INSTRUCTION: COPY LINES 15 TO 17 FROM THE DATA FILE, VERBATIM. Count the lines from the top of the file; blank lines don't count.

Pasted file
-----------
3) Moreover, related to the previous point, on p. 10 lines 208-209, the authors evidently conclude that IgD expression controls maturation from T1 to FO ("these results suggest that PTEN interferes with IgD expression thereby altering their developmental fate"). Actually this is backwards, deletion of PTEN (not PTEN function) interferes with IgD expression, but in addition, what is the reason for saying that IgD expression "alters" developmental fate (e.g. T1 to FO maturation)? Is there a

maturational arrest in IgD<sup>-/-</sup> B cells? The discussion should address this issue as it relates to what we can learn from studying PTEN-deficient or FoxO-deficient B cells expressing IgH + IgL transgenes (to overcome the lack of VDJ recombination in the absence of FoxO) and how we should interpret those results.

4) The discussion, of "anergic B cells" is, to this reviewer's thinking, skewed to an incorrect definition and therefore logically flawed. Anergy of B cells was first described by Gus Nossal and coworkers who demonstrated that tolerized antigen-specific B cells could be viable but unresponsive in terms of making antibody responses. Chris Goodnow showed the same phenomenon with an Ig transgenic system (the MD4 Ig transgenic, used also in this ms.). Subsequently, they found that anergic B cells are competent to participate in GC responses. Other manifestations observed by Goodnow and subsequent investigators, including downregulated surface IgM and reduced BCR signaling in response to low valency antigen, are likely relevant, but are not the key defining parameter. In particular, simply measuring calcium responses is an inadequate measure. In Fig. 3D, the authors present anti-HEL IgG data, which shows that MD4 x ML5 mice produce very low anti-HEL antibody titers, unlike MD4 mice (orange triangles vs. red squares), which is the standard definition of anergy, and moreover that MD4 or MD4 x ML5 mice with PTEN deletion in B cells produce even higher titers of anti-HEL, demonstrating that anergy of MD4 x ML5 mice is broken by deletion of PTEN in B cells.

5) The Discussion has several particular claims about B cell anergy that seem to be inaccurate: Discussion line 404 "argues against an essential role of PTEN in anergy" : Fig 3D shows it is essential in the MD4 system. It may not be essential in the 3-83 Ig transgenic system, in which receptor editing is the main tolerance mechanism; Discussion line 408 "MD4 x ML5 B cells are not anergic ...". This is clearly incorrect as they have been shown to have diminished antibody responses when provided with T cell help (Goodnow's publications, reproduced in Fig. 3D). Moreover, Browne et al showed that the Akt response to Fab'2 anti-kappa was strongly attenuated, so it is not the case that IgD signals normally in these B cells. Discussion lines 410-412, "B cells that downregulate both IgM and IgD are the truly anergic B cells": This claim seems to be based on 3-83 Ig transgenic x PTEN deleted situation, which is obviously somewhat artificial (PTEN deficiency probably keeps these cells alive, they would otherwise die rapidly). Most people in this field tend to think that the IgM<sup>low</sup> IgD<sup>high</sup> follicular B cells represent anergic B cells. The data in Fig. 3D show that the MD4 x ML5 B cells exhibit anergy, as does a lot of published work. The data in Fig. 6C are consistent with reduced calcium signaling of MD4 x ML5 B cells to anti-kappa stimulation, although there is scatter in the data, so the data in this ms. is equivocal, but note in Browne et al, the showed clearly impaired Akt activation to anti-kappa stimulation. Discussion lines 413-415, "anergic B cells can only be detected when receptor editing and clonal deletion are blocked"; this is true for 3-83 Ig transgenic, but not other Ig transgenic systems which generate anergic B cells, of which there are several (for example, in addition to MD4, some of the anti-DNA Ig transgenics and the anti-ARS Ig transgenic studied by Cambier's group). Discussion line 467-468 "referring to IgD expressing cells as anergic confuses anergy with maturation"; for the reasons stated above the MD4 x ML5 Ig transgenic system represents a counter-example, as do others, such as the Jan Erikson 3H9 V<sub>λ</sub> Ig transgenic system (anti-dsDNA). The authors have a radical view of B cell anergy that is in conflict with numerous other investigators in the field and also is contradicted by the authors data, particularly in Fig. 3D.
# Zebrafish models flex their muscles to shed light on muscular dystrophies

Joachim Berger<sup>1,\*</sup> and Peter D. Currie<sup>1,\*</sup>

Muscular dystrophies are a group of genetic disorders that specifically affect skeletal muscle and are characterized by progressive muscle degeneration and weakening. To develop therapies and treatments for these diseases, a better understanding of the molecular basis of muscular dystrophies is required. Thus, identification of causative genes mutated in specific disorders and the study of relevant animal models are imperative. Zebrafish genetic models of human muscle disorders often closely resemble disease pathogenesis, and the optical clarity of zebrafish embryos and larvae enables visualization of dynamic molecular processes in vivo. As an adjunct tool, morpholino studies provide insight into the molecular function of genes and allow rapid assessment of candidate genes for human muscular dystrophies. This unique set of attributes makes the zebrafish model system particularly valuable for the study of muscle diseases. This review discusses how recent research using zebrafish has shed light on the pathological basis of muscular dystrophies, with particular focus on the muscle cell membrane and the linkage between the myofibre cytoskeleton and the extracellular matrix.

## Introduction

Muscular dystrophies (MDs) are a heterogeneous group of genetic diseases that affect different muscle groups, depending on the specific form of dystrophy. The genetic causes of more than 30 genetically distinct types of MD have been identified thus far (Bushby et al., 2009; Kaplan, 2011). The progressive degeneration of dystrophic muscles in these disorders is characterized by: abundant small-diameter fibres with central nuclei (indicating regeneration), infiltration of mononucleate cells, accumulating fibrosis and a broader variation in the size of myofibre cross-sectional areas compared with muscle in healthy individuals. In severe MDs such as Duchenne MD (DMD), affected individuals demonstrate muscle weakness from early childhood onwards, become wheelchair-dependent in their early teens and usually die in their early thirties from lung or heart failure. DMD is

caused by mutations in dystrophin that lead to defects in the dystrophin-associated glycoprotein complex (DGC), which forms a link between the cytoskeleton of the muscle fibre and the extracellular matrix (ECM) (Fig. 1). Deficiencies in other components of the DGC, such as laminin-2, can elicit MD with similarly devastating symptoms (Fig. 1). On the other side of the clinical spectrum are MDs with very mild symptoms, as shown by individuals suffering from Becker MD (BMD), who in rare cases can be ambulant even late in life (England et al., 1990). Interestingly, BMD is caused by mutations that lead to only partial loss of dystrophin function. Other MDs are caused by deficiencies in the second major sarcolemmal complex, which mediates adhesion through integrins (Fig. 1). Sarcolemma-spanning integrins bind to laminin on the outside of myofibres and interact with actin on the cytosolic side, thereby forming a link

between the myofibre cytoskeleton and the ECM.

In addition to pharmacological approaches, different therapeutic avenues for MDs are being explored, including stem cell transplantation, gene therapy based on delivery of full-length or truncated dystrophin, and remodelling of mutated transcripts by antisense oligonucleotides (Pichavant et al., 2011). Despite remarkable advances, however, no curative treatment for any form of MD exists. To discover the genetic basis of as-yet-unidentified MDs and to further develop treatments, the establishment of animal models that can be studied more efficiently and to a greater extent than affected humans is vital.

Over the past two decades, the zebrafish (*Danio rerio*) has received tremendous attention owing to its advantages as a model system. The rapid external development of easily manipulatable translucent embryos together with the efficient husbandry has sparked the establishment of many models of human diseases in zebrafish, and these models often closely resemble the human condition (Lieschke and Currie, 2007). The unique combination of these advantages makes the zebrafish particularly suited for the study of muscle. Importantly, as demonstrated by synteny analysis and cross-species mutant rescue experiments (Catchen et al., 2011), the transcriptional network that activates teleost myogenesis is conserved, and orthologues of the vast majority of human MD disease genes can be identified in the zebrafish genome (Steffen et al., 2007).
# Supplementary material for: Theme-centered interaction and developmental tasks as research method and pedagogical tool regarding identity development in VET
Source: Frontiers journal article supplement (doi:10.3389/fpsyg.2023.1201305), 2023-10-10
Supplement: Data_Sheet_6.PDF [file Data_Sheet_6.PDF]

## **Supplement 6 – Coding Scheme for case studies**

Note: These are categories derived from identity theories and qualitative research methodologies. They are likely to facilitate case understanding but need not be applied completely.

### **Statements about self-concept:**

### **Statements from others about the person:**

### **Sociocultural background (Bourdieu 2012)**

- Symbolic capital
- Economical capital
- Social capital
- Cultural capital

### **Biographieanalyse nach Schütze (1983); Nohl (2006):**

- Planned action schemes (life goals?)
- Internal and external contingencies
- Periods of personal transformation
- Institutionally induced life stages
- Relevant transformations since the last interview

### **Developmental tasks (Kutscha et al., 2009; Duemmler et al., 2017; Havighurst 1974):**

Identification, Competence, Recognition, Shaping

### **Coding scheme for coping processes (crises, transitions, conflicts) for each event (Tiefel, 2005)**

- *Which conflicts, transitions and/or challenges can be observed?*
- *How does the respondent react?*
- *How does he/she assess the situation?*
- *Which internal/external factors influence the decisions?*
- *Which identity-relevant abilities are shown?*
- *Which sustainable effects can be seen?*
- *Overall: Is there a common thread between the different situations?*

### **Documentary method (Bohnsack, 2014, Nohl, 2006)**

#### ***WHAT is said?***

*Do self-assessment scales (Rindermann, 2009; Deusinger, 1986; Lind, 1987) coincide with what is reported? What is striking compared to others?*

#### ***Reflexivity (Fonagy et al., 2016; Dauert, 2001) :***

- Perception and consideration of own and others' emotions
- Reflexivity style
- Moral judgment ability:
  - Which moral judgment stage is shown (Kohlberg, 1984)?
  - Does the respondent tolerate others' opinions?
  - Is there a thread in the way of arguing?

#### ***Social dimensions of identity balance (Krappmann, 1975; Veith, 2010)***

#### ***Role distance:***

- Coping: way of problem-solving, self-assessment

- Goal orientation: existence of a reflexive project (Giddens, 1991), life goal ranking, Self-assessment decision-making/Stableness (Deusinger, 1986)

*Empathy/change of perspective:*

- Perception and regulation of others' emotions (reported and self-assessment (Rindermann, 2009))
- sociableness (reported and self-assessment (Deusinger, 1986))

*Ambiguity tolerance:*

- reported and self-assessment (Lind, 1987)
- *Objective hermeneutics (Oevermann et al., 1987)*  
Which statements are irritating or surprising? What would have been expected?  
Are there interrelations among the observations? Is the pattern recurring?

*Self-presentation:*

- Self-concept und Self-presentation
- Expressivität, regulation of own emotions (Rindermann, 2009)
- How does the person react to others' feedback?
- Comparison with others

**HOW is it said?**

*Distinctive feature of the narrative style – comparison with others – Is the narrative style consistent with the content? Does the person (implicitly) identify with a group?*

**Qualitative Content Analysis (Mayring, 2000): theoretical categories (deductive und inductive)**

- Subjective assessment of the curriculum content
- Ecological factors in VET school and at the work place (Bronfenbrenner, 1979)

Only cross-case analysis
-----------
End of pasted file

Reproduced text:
Source: Frontiers journal article supplement (doi:10.3389/fpsyg.2023.1201305), 2023-10-10
Supplement: Data_Sheet_6.PDF [file Data_Sheet_6.PDF]

## **Supplement 6 – Coding Scheme for case studies**